Her daughter ‘ramps’ through life, but what she leaves behind is as fragile and ephemeral as peach skin. The daughter matures at a pace and there is the mother, behind her, following the trail, collecting the discarded items of proof that her child existed. Of course, this is what we want. We want to see our children growing, maturing, achieving each metamorphic stage. Despite Olds’ poems about her own children being quite wondrous, she does not take anything for granted. The book is punctuated with stories of children who do not make it. A young girl is raped and murdered, a child goes missing – the tape of his information poster “beginning to/ melt at the centre and curl at the edges as it/ ages”.
In The Sign of Saturn Olds describes someone who “knows what all of us never want to know”. If you experience the death of a child, you then carry that awful knowledge. The final poem in Her Birth returns to the wondrous state of watching a child bloom, of allowing myself to enjoy her young life. But I admit, I wanted to share some of the awful knowledge too. I wanted to explain it, explore it, try and make sense of it in some way.
I let socks dot the washing, coats grace
a chair’s arm. Her hospital bag, too hard
to unpack, stayed slumped and ignored
but eventually there was a gathering,
the limp outline of her size carried upstairs.
It accumulated in the cot, a cold pit
of pyjamas, dresses, jeans. My heap of her,
visible through bars. Insides of sleeves
brushed with her cells, last flecks compacting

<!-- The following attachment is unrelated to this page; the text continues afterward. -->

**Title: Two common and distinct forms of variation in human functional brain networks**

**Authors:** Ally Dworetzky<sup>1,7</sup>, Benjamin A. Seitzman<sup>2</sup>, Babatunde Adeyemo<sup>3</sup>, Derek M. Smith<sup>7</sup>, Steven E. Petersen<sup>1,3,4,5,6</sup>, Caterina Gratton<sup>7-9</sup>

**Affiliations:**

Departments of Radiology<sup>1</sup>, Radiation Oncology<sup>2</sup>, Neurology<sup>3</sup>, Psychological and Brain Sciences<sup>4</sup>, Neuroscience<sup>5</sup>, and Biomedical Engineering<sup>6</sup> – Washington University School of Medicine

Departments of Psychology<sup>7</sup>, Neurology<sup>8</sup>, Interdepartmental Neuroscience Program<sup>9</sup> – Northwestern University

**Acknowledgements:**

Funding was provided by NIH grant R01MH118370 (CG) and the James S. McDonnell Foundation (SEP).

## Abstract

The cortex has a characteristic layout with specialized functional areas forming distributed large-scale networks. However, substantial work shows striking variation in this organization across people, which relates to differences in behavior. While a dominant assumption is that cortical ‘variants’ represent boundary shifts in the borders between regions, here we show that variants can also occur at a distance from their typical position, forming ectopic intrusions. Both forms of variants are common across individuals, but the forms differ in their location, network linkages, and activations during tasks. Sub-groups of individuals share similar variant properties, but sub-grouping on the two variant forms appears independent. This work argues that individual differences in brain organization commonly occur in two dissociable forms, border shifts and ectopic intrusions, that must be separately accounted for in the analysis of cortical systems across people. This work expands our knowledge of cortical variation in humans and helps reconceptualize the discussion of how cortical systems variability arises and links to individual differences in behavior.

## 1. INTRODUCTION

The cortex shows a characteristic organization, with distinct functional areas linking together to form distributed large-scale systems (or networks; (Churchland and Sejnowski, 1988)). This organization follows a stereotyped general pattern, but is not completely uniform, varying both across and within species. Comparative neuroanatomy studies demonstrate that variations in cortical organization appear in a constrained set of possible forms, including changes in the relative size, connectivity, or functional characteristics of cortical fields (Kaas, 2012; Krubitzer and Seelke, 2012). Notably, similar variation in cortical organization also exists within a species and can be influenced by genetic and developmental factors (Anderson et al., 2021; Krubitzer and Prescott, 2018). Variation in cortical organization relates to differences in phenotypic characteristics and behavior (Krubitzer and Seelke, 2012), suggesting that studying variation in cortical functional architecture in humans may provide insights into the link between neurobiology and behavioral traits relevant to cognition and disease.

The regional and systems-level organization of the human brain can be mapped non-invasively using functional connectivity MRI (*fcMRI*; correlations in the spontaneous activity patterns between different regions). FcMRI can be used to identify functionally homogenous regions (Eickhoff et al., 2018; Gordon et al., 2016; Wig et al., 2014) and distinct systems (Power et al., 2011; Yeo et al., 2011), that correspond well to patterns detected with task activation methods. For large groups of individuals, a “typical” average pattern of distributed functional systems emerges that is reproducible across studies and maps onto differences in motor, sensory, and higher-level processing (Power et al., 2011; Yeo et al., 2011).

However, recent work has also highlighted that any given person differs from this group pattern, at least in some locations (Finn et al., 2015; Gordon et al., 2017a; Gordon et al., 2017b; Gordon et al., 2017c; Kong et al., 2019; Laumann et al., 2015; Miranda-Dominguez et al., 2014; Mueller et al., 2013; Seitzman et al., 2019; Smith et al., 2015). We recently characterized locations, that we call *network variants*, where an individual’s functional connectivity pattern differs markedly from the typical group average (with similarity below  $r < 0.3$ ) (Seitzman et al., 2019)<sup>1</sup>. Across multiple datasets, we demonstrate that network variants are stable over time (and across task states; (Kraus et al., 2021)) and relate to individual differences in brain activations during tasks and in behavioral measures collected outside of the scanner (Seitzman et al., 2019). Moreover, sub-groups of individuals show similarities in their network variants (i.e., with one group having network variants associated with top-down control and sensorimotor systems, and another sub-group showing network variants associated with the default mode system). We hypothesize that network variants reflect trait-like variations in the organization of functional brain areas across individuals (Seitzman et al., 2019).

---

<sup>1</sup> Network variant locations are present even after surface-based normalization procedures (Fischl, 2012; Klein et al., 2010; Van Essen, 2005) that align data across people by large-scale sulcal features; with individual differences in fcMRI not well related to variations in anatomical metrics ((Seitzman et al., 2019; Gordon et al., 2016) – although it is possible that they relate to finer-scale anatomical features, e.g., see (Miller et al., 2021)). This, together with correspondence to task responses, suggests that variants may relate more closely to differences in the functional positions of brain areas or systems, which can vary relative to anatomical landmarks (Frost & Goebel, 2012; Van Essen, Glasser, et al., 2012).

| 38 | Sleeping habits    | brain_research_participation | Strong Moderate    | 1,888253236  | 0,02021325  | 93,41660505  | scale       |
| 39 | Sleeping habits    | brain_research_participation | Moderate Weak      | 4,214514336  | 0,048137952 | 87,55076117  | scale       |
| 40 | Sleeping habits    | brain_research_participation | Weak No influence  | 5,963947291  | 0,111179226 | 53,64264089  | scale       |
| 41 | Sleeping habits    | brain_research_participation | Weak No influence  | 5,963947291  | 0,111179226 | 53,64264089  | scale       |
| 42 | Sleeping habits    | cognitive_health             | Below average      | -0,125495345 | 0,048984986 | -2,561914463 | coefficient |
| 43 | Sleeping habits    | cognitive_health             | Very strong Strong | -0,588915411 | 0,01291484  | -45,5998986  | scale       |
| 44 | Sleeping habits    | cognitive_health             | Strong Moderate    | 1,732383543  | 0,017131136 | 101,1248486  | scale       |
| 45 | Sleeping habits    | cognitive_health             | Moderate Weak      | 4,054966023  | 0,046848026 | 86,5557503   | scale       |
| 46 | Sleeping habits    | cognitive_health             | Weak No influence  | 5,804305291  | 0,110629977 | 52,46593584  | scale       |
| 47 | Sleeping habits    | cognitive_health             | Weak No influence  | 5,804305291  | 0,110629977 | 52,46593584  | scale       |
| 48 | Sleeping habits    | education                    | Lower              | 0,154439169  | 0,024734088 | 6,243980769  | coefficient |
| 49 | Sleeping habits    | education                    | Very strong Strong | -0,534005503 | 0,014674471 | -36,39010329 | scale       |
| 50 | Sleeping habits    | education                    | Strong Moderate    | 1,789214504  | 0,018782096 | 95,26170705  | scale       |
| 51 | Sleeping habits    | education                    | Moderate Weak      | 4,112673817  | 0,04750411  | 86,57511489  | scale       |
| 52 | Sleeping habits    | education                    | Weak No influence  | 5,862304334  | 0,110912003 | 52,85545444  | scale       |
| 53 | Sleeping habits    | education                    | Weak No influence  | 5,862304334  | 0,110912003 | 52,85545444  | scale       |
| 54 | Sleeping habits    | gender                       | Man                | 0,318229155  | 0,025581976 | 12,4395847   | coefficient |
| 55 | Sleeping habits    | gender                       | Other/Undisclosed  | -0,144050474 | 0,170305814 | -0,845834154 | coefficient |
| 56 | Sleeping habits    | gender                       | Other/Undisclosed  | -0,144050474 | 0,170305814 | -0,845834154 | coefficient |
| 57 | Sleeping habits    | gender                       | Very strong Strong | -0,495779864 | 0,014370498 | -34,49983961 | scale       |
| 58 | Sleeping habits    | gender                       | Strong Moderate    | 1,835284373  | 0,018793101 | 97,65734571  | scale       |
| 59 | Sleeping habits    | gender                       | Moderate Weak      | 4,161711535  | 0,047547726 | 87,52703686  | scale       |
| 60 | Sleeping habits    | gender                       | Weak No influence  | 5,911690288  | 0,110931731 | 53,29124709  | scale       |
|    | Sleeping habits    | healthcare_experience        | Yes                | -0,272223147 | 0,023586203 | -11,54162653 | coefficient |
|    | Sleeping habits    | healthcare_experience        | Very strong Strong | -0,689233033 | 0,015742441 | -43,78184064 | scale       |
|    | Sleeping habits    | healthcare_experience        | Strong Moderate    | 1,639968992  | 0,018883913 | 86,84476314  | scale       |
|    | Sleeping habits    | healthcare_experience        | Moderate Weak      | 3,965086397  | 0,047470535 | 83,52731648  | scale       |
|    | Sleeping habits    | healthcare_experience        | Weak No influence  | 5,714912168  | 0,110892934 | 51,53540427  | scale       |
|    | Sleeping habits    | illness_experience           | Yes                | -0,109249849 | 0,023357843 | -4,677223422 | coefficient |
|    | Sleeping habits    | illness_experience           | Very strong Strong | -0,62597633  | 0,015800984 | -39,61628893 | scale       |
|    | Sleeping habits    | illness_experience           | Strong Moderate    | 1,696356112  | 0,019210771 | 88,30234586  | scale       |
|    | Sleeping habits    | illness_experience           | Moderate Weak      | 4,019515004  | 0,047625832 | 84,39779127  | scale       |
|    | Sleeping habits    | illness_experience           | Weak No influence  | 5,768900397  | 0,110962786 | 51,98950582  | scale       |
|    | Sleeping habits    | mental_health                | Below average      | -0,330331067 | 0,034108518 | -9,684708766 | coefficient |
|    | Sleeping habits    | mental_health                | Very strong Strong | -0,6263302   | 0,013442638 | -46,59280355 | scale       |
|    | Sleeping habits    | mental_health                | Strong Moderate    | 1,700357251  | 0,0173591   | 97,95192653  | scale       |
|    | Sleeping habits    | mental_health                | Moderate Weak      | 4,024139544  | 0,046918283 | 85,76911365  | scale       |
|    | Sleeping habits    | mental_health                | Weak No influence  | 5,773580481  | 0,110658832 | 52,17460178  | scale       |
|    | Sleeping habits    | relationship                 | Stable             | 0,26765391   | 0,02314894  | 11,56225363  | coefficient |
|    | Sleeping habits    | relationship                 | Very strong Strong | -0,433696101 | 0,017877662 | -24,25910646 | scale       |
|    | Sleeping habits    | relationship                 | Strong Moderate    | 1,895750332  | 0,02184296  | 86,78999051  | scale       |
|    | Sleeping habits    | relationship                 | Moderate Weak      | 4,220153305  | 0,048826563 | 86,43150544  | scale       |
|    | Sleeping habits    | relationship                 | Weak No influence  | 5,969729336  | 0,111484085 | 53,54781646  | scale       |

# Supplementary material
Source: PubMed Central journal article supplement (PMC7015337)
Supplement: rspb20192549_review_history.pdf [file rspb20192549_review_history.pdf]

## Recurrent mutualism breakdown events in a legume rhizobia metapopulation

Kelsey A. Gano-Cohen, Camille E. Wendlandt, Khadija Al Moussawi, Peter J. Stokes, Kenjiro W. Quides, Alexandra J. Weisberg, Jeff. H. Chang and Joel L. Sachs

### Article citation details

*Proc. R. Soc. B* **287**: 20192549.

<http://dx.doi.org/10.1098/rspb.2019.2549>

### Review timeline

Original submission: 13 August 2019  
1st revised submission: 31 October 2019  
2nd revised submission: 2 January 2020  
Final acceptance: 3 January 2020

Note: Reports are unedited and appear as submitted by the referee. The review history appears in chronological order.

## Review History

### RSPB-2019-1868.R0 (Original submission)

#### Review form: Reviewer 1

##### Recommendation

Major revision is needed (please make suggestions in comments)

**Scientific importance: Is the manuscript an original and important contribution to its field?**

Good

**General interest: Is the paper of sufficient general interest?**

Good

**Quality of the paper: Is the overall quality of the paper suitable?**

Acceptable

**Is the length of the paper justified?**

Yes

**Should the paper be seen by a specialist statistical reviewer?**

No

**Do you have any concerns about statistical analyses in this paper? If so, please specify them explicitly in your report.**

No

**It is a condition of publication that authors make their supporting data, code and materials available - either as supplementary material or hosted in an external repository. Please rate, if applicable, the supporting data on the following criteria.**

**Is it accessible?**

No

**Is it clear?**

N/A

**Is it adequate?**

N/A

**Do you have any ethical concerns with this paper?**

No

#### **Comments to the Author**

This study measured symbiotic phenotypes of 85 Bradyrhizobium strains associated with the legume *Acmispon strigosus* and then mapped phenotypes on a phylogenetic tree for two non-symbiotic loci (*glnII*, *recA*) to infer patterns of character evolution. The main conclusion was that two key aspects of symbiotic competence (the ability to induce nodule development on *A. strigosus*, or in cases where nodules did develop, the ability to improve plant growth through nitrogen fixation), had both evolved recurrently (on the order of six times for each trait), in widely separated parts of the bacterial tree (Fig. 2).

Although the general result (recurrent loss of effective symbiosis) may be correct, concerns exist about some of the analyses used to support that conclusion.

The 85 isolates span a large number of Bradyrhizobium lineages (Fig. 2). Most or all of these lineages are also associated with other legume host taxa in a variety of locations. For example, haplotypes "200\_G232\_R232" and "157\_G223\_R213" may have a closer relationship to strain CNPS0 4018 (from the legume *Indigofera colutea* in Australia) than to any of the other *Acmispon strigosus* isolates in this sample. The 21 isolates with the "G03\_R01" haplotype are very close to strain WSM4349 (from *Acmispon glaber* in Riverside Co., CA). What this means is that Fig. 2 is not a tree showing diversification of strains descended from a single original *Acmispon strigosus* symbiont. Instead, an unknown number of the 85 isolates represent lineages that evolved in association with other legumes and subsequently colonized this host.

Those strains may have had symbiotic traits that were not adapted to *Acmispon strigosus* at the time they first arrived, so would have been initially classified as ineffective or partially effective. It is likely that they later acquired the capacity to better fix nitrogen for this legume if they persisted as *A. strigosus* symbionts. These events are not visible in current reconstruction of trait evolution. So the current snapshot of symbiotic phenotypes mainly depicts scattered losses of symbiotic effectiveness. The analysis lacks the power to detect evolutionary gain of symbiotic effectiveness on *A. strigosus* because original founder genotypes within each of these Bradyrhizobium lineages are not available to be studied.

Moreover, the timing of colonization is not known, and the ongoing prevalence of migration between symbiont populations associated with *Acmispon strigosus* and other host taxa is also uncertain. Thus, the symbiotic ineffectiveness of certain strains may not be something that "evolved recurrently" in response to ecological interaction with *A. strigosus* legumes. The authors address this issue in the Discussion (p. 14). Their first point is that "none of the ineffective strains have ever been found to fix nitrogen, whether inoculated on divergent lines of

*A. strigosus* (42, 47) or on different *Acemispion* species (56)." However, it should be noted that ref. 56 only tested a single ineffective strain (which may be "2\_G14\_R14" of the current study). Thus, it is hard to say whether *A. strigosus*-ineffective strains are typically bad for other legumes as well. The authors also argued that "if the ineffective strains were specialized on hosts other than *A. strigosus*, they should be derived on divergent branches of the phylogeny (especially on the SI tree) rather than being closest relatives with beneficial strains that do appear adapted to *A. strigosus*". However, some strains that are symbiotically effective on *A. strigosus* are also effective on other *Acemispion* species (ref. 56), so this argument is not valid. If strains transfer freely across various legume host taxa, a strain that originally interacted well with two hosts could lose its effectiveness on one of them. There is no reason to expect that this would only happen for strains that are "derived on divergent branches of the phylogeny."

in pastel matter, until her father found me
fretting at its edge, suggested it was time
for the careful mining of her things.
Our intention to sort, fold and label soon became
a quick, unhappy shoving into grey plastic bags,
the silent hoisting to an attic’s dark. Her cot
collapsed, I sobbed in that desolated space,
while my desk was carried in, books and pens
planted on its surface, her father’s wise reclamation
of the site. I kept a row of lilac-buttoned relics
in my wardrobe. Hand-knitted proof, something
to haul my sorry lump of heart and make it blaze.
Pausing in traffic, I’m miles away
when a file of children forces me
to focus. School now behind them,
they cross in a bustle of coats and bags –
their ages vague to me, but their limbs
bold and flailing, affirming themselves
with shoves and pushes. I marvel
this mass of certainty. Even the loners
get to the other side, lights turning green
as they dawdle. I’m beginning to realise
most children make it. It’s rare to see
your child being fought for in intensive care;
to stay with her afterwards, saying her name.
It’s unusual, at the undertakers, to finalise
arrangements then fumble for a photograph,
so they could know her when she was warm.
© Her Birth (Carcanet/Northern House, 2013).
Order Her Birth here.
Visit Rebecca’s blog.
Rebecca will be talking about Her Birth on Woman’s Hour, BBC Radio 4, on Thursday, 15 August from 10h00.
Read Rebecca’s interview in The Observer about Ella, the book and the Forward Prize.
Rebecca writes about ‘Motherhood, poetry and loss’.
Read Rebecca’s title poem, ‘Her Birth’.
Visit Child Bereavement UK.